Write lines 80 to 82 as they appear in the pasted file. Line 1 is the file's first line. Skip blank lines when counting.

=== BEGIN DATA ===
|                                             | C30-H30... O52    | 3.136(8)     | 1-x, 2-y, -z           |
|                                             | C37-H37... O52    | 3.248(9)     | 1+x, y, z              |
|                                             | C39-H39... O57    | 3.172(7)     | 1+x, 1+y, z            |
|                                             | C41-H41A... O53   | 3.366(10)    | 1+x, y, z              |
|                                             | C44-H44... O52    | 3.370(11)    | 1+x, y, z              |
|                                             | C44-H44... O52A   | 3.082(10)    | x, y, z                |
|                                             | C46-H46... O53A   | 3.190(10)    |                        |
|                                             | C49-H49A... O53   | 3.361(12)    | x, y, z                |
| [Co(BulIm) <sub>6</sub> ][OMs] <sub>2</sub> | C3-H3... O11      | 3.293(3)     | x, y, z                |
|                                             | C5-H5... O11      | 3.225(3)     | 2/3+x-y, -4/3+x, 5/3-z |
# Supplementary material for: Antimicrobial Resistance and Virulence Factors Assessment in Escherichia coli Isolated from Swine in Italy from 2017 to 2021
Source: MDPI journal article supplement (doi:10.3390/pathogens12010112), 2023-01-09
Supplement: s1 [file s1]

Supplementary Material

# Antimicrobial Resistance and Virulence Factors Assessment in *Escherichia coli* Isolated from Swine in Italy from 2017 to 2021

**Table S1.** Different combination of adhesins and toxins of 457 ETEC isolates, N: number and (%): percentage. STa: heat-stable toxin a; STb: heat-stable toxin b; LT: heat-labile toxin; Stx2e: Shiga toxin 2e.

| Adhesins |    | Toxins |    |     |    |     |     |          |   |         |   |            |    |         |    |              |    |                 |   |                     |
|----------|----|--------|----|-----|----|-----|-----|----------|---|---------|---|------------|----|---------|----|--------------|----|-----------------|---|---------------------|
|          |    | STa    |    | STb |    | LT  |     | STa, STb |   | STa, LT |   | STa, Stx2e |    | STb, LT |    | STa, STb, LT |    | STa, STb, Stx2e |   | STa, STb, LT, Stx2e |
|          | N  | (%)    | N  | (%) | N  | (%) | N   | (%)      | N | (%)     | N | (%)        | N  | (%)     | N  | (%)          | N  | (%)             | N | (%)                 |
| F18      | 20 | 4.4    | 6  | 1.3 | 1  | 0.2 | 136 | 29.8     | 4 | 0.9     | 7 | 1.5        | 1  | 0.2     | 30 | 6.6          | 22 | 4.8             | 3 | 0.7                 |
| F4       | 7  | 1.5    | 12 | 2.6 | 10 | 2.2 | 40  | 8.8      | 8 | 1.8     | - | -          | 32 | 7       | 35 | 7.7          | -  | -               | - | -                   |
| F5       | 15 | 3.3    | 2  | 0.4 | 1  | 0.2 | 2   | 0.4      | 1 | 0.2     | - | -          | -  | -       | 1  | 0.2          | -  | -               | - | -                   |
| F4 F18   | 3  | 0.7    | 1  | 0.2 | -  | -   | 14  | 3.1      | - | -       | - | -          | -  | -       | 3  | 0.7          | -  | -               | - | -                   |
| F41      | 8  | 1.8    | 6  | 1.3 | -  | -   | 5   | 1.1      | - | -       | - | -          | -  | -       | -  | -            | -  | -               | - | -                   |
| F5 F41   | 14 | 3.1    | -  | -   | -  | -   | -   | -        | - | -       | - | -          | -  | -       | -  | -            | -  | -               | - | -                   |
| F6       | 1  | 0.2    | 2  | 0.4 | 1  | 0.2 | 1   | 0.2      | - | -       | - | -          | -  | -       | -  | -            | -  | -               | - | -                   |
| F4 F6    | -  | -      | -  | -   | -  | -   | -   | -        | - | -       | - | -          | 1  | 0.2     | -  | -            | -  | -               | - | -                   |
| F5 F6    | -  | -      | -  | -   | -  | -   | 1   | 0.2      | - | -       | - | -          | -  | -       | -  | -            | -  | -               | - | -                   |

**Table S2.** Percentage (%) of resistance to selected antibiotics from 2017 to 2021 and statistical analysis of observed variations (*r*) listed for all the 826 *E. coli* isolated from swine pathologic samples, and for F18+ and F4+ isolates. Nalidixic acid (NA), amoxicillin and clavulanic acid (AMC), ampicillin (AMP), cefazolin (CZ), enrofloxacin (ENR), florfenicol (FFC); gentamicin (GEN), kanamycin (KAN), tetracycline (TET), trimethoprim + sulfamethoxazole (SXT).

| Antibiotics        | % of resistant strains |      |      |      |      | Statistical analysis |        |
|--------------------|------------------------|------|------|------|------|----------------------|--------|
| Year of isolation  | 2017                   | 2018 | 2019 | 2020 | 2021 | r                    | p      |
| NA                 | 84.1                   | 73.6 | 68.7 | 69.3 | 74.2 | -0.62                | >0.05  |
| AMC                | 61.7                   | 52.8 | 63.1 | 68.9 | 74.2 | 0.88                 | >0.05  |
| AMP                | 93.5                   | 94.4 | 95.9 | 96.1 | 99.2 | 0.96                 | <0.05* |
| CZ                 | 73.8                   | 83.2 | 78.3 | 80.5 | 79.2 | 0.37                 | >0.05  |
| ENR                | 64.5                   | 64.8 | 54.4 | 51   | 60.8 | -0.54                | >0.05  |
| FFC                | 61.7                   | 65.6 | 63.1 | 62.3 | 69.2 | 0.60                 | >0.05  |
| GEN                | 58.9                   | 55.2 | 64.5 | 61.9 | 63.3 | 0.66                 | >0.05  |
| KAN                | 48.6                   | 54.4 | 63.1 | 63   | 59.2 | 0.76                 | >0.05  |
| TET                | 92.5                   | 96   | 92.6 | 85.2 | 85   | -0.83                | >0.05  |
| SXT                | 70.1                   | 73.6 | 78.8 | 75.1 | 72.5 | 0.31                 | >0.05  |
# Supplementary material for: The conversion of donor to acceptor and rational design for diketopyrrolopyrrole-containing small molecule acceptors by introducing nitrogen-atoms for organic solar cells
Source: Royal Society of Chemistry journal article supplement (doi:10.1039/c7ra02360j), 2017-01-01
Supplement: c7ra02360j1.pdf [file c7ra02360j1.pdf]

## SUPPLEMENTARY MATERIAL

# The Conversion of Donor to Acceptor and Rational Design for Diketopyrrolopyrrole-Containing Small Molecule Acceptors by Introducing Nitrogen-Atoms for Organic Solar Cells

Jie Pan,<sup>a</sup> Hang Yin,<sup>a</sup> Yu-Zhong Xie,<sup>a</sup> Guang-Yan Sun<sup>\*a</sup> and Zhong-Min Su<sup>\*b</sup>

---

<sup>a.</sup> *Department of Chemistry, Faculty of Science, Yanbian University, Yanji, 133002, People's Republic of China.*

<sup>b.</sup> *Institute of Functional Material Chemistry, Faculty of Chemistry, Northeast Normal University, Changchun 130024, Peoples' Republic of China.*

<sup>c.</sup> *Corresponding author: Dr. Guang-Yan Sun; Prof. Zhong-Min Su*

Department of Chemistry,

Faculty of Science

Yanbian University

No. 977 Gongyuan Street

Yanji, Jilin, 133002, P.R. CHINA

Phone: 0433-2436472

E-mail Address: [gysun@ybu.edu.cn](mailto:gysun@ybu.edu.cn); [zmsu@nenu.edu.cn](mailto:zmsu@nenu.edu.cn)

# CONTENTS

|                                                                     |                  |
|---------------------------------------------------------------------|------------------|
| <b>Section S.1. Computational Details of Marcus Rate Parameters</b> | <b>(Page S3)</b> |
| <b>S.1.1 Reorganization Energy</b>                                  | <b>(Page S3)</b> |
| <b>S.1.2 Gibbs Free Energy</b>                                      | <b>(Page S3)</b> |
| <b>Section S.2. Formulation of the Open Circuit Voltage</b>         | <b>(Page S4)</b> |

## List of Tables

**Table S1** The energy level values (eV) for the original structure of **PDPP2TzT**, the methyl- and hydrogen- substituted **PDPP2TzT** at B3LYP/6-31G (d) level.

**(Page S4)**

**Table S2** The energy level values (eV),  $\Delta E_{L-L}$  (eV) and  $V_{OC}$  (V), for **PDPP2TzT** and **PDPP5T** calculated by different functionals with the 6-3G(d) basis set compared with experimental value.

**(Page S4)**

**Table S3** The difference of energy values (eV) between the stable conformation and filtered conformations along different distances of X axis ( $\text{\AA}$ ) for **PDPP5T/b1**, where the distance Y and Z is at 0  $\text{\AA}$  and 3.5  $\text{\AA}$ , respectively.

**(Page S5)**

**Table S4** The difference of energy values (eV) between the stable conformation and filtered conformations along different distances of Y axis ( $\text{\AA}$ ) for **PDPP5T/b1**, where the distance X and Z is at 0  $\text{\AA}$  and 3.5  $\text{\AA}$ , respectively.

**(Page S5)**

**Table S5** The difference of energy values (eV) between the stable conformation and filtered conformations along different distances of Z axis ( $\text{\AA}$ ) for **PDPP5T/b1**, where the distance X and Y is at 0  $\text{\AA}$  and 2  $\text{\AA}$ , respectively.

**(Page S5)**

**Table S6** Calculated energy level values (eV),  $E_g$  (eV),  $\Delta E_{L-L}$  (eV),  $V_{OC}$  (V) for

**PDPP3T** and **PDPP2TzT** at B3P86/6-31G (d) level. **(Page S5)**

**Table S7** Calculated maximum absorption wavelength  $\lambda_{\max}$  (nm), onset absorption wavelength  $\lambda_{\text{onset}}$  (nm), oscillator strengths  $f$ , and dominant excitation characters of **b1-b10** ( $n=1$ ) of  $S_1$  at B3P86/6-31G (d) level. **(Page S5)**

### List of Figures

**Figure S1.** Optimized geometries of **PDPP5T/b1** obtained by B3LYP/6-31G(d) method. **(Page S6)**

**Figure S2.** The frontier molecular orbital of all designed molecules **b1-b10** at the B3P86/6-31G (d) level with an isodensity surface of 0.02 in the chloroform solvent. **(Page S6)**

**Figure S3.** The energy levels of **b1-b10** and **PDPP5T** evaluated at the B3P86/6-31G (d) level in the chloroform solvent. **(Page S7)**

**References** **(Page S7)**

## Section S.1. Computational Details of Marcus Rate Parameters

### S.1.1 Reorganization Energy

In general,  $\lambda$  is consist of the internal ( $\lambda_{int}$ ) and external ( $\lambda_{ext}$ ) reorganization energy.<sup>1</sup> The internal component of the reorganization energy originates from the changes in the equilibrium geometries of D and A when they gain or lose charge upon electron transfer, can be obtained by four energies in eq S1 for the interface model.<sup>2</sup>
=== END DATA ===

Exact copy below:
**PDPP3T** and **PDPP2TzT** at B3P86/6-31G (d) level. **(Page S5)**

**Table S7** Calculated maximum absorption wavelength  $\lambda_{\max}$  (nm), onset absorption wavelength  $\lambda_{\text{onset}}$  (nm), oscillator strengths  $f$ , and dominant excitation characters of **b1-b10** ( $n=1$ ) of  $S_1$  at B3P86/6-31G (d) level. **(Page S5)**

### List of Figures